The Pierce County Council is preparing to vote Tuesday (March 10) on whether to drop a lawsuit against a citizen who’s seeking a public vote on a $127 million county headquarters building.
Meanwhile, county officials are still debating who had the authority to take legal action against the citizen in the first place.
The Prosecutor’s office says the ultimate power over litigation rests with the County Council. The council, however, never met to discuss this lawsuit or take a vote on it.
Council members said in interviews with the The News Tribune that they believed filing suit was County Executive Pat McCarthy’s exclusive decision to make.
Some of them still feel that way, despite prosecutors’ statements to the contrary. So does McCarthy.
She told The News Tribune Monday that she wanted to move forward quickly on the headquarters building rather than risk a costly delay in construction. So she directed prosecutors to sue Gig Harbor anti-tax activist Jerry Gibbs, who filed a referendum proposal on Feb. 24.
McCarthy pointed to part of the county charter that calls on her office to “execute and enforce all ordinances and state statutes within the county.” She said that includes the council’s 4-3 decision last month to build a nine-story government headquarters in Tacoma’s South End.
“I have a job to do, and this is important for the courts to determine the validity of the referendum,” she said Monday. “We are seeking judicial review.”
The confusion appears to stem from a series of email communications between council members and the prosecutor’s office. In the exchanges, attorneys sought the seven council members’ opinions on whether to sue Gibbs, who needs to gather more than 24,000 valid signatures before July in order to put his referendum on the November ballot.
The Prosecutor’s Office in this case finds itself in the awkward position of representing two clients — McCarthy and the divided County Council.
But prosecutors say state law designates the council as the final decision maker on litigation. So they decided to “check in” with council members before going forward with McCarthy’s request.
In interviews with The News Tribune, Deputy Prosecutor Doug Vanscoy was careful in describing prosecutors’ communication with council members; he said he didn’t want to violate attorney-client confidentiality.
“We contacted all of them, heard back from several, and none of them objected (to filing suit against Gibbs),” he said.
Prosecutor Mark Lindquist said his office wouldn’t have filed suit if any objections had been raised.
“If we have one client say ‘file something’ and another client says ‘don’t file something,’ we’re going to put on the brakes,” Lindquist said.
In hindsight, all six council members who spoke with The News Tribune said they should have discussed the proposed suit in an executive session. That’s the forum where elected bodies often discuss litigation with their attorneys.
“This whole thing was messy,” said Councilman Doug Richardson said. “I think a lot of council members were surprised to find that we were the ones who authorized the suit.”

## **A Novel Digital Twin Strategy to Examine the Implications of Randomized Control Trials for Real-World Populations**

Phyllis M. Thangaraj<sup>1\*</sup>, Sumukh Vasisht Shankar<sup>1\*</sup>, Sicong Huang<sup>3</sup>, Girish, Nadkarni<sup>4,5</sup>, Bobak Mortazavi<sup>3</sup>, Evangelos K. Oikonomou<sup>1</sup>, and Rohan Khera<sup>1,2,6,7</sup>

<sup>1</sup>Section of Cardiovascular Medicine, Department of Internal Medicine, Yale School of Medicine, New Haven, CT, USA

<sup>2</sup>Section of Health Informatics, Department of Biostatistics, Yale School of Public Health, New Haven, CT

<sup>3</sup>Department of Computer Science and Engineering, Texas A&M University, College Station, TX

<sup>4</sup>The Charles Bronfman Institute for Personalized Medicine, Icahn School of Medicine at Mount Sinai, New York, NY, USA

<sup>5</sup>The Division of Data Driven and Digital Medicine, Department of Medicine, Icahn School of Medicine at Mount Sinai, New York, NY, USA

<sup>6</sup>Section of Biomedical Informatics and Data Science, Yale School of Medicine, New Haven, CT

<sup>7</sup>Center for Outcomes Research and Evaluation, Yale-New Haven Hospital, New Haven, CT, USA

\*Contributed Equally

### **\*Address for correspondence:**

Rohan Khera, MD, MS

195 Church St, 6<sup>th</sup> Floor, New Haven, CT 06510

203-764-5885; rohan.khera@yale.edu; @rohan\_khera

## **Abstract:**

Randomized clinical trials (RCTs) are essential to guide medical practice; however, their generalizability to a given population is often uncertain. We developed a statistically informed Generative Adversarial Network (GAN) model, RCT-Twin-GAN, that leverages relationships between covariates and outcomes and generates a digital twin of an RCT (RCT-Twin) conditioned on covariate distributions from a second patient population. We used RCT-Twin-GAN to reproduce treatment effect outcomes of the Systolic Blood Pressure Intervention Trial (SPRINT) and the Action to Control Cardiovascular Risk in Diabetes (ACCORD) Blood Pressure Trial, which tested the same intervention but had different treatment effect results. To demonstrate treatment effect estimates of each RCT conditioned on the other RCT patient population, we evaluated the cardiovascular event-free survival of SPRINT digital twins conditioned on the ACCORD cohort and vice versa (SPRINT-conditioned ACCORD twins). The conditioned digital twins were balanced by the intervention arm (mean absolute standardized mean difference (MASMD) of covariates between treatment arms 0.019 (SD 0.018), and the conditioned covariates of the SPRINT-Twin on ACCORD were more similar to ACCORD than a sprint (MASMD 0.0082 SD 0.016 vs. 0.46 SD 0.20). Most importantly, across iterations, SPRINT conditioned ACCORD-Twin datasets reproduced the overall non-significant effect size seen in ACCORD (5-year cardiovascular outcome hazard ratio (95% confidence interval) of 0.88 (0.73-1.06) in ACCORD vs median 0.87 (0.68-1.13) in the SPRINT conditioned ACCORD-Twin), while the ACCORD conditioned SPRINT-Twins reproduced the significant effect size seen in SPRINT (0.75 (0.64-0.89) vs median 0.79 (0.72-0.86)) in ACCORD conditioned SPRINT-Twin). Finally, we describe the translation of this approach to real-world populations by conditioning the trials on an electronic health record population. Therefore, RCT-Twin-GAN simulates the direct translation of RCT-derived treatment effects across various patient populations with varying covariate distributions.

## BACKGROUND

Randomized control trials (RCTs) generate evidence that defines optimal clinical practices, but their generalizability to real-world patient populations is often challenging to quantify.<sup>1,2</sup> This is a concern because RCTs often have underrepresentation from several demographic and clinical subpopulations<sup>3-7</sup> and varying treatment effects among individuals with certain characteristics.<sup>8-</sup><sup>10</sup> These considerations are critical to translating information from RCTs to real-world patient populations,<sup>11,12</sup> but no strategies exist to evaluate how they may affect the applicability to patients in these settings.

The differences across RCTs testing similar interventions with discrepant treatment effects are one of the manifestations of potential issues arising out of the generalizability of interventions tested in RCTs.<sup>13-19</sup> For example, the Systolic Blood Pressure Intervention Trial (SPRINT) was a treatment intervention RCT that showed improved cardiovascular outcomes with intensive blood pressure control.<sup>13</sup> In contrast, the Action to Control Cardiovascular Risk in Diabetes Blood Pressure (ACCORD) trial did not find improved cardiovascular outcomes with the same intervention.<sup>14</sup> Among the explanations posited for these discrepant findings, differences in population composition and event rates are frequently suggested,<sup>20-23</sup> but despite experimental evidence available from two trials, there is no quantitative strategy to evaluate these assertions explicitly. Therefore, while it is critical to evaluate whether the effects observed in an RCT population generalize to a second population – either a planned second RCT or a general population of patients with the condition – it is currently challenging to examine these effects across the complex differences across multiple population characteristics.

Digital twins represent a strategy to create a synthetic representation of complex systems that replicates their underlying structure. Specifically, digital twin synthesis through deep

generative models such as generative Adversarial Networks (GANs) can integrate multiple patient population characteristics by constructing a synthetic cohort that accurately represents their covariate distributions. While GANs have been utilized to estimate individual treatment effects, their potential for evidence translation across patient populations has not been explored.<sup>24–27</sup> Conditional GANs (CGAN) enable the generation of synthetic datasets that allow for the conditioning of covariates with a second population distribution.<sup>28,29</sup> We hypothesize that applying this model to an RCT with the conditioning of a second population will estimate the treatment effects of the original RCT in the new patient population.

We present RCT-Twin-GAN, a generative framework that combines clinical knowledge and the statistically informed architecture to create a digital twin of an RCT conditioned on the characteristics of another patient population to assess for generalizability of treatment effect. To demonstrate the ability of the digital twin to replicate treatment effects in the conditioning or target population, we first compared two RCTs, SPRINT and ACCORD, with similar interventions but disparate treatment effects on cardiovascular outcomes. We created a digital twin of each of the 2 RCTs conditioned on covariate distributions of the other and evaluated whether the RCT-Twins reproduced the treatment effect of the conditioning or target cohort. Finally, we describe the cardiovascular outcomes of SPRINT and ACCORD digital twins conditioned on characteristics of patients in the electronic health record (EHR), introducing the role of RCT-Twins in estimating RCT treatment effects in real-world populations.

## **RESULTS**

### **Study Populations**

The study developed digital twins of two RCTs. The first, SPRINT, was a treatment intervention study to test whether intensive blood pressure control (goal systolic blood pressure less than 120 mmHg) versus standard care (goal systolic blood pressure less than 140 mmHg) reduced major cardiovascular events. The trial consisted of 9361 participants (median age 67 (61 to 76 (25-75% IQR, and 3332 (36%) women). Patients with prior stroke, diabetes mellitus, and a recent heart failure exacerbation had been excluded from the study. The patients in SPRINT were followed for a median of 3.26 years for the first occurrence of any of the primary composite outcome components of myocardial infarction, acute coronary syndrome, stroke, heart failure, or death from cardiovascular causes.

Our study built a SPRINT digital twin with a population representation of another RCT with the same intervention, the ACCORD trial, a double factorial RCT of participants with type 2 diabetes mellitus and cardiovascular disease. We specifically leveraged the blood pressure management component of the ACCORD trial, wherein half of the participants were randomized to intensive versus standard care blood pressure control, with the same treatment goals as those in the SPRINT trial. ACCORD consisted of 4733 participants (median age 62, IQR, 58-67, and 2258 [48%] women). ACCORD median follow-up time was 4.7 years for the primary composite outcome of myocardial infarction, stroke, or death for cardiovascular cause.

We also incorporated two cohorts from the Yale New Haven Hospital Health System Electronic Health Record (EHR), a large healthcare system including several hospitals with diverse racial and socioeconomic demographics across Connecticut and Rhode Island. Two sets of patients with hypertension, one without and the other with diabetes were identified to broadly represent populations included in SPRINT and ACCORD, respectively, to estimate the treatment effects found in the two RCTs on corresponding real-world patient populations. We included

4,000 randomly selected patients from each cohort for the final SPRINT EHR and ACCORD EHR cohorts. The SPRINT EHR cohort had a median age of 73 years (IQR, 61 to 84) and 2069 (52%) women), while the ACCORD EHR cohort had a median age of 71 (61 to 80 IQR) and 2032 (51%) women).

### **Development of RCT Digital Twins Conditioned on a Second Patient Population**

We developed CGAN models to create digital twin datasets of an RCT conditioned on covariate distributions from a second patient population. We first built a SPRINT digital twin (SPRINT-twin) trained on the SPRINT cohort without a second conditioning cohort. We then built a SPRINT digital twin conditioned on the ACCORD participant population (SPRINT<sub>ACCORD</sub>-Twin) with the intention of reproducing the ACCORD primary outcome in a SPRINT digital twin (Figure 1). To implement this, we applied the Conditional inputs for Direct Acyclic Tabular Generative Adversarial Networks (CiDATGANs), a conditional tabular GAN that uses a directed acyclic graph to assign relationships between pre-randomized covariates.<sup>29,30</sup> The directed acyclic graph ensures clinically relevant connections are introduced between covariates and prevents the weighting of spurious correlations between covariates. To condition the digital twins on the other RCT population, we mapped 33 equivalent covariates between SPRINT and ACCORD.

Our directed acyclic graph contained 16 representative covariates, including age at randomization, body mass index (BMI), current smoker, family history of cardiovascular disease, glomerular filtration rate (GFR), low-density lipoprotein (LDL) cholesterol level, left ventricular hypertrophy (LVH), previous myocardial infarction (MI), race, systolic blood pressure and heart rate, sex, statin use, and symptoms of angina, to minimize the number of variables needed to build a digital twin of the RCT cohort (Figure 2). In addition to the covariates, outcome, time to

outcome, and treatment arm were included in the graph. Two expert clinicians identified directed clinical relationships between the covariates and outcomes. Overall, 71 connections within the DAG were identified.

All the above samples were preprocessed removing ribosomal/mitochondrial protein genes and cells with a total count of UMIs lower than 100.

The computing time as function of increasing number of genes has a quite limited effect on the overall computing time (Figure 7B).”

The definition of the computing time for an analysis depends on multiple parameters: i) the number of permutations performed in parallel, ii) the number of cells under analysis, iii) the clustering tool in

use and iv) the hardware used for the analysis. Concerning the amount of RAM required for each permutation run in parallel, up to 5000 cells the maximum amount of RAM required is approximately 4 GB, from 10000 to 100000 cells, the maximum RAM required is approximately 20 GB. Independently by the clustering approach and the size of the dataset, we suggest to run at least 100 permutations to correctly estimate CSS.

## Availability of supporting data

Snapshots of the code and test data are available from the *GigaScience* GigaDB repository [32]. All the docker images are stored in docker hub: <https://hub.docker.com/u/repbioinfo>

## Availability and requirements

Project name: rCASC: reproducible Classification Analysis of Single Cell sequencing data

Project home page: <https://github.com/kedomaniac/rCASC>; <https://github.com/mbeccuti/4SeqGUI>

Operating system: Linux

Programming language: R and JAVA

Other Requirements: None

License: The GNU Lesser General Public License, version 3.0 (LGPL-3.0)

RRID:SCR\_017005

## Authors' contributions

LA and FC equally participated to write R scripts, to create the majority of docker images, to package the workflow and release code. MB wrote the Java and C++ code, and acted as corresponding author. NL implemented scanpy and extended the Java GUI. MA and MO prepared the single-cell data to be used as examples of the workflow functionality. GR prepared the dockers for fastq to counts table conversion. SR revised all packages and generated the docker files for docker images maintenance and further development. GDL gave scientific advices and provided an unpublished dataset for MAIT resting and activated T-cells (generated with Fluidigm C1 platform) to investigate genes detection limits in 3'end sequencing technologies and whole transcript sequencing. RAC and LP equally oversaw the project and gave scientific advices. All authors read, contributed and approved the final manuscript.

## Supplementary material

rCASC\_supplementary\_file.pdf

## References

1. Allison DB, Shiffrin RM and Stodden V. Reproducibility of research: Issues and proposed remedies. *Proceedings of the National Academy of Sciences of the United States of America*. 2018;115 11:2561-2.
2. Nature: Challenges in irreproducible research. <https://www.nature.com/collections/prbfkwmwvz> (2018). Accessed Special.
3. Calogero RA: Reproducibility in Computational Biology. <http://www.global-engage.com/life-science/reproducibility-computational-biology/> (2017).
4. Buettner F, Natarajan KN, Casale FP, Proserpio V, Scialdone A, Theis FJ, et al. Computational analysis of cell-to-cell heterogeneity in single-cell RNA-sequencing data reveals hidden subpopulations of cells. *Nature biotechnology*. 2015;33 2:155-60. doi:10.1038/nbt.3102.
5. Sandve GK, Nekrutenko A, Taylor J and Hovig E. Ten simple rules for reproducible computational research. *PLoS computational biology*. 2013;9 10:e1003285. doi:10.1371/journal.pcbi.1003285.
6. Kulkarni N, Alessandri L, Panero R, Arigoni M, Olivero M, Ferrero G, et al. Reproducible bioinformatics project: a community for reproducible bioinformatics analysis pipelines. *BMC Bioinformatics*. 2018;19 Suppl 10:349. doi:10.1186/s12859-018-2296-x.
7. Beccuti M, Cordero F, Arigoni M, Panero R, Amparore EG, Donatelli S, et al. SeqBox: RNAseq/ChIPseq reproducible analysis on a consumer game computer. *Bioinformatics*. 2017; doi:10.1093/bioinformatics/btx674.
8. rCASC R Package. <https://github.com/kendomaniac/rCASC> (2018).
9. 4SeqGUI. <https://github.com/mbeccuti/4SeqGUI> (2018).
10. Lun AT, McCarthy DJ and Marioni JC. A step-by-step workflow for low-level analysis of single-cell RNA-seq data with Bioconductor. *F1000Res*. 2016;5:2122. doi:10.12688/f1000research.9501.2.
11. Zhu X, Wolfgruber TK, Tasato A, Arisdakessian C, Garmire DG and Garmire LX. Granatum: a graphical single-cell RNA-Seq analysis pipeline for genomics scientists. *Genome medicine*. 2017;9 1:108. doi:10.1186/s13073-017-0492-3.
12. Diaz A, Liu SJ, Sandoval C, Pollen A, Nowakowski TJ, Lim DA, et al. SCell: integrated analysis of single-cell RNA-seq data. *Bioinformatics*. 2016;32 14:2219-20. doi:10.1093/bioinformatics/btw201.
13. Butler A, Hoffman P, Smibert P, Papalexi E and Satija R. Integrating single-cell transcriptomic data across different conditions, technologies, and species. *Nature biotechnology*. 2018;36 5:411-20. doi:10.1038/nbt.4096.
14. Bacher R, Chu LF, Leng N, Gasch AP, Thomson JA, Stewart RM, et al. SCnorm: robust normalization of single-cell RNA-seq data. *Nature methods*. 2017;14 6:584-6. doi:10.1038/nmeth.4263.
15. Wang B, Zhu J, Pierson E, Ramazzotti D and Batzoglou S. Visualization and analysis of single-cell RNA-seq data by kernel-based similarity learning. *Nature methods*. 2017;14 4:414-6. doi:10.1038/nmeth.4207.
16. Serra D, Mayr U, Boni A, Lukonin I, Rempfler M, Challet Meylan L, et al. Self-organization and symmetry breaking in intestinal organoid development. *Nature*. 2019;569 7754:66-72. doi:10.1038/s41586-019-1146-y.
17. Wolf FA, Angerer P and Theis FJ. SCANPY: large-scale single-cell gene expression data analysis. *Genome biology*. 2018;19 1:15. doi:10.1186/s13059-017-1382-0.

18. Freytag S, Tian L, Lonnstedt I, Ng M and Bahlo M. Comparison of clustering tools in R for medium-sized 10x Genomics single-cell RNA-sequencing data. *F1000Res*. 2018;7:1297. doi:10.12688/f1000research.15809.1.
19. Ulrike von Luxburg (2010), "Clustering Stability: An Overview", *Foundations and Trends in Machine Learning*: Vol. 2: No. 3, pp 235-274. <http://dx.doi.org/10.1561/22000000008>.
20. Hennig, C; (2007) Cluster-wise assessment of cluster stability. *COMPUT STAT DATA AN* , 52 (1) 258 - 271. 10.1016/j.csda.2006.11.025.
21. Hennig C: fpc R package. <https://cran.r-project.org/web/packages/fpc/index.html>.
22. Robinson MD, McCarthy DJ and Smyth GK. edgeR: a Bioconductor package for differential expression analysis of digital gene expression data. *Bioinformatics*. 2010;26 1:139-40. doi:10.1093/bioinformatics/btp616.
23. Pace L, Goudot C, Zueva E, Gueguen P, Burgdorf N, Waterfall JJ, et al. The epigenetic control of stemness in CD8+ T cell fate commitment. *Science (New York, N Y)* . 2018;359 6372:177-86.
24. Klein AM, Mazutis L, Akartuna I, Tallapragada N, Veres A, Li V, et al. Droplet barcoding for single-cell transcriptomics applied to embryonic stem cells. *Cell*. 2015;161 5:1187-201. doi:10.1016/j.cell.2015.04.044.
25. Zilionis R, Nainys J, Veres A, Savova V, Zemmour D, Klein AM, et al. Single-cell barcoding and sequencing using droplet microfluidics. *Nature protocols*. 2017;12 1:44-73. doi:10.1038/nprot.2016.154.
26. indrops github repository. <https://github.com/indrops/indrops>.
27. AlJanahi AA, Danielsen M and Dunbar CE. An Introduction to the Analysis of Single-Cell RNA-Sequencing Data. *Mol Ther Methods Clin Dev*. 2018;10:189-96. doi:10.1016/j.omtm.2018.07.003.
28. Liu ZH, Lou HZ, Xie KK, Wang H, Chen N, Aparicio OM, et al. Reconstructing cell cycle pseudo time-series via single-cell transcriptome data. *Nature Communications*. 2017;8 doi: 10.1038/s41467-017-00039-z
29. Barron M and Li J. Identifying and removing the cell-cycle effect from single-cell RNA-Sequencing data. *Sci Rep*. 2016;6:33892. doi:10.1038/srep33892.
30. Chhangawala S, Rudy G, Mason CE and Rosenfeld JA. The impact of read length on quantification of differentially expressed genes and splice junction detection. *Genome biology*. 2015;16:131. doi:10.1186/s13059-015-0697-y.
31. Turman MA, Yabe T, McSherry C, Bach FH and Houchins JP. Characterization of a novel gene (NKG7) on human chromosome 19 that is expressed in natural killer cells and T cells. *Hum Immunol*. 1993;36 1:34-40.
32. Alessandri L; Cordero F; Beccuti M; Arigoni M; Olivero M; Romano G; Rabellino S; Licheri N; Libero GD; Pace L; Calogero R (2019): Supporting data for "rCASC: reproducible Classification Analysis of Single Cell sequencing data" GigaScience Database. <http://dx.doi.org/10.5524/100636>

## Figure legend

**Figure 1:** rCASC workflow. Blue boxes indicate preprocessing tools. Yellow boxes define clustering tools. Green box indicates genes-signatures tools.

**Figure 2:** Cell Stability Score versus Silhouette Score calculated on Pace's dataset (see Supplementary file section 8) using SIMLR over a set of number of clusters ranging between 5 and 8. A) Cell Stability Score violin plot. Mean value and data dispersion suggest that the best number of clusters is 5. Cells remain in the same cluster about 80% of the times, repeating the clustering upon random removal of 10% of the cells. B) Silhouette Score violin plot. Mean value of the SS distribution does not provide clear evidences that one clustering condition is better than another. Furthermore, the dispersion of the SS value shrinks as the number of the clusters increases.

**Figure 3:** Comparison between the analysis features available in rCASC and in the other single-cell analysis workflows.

The communication chain apparently started when Vanscoy sent a message to the entire council on Feb. 26 — the day before the Prosecutor’s Office filed suit — “requesting instructions from council before proceeding.”
Vanscoy wrote that “direction from the chair would be sufficient.” This was significant because Council Chairman Dan Roach is a vocal opponent of McCarthy’s plan to consolidate county departments into a new government headquarters.
Emails show that Roach suggested he didn’t like the idea of suing Gibbs. But he also thought McCarthy could move without the council’s blessing.
“I’m just saying that the council is not asking for (the lawsuit), the executive is. That’s between (McCarthy’s) office and the prosecutor’s office,” he wrote to Vanscoy and the council.
Council members who favor building the new headquarters did not want Roach speaking for them.
“We’re all separately elected,” Councilwoman Connie Ladenburg said in an interview. “We had not met as a group to share with (Roach) our opinions, so therefore, he wasn’t able to speak on this.”
Ladenburg and the council’s two other Democrats — Rick Talbert and Derek Young — told The News Tribune they independently told the prosecutor’s office that they supported the lawsuit.
Three Republicans — Roach, Richardson and Jim McCune — said they did not give an opinion to prosecutors.
The seventh vote, Republican Joyce McDonald, did not return phone calls from The News Tribune Friday or Monday. McDonald voted last month with the Democrats in favor of the proposed building.
Prosecutors said they were obliged to seek the council’s guidance because state law makes county councils responsible for the “official county position on legal issues.”
Vanscoy sent an email to the council fully explaining that reasoning on March 2 — after prosecutors had filed the lawsuit and Roach requested clarification.
Vanscoy told The News Tribune Monday that while the law clearly gives the council the final word on legal action, “they have delegated much of that over the years to the county executive.”
Most litigation is fairly routine. This, however, was hardly a routine case.
“We were caught between two clients, but the law tells us which one makes the call,” Vanscoy said. “We felt it was necessary to check in (with the council), and we did.”
Roach, for his part, is persuaded that the council has ultimate legal authority. That’s why he’s submitting an emergency resolution to the council Tuesday to have the prosecutor’s office withdraw the lawsuit against Gibbs.
The council meets at 3 p.m. in the County-City building downtown at 930 Tacoma Ave.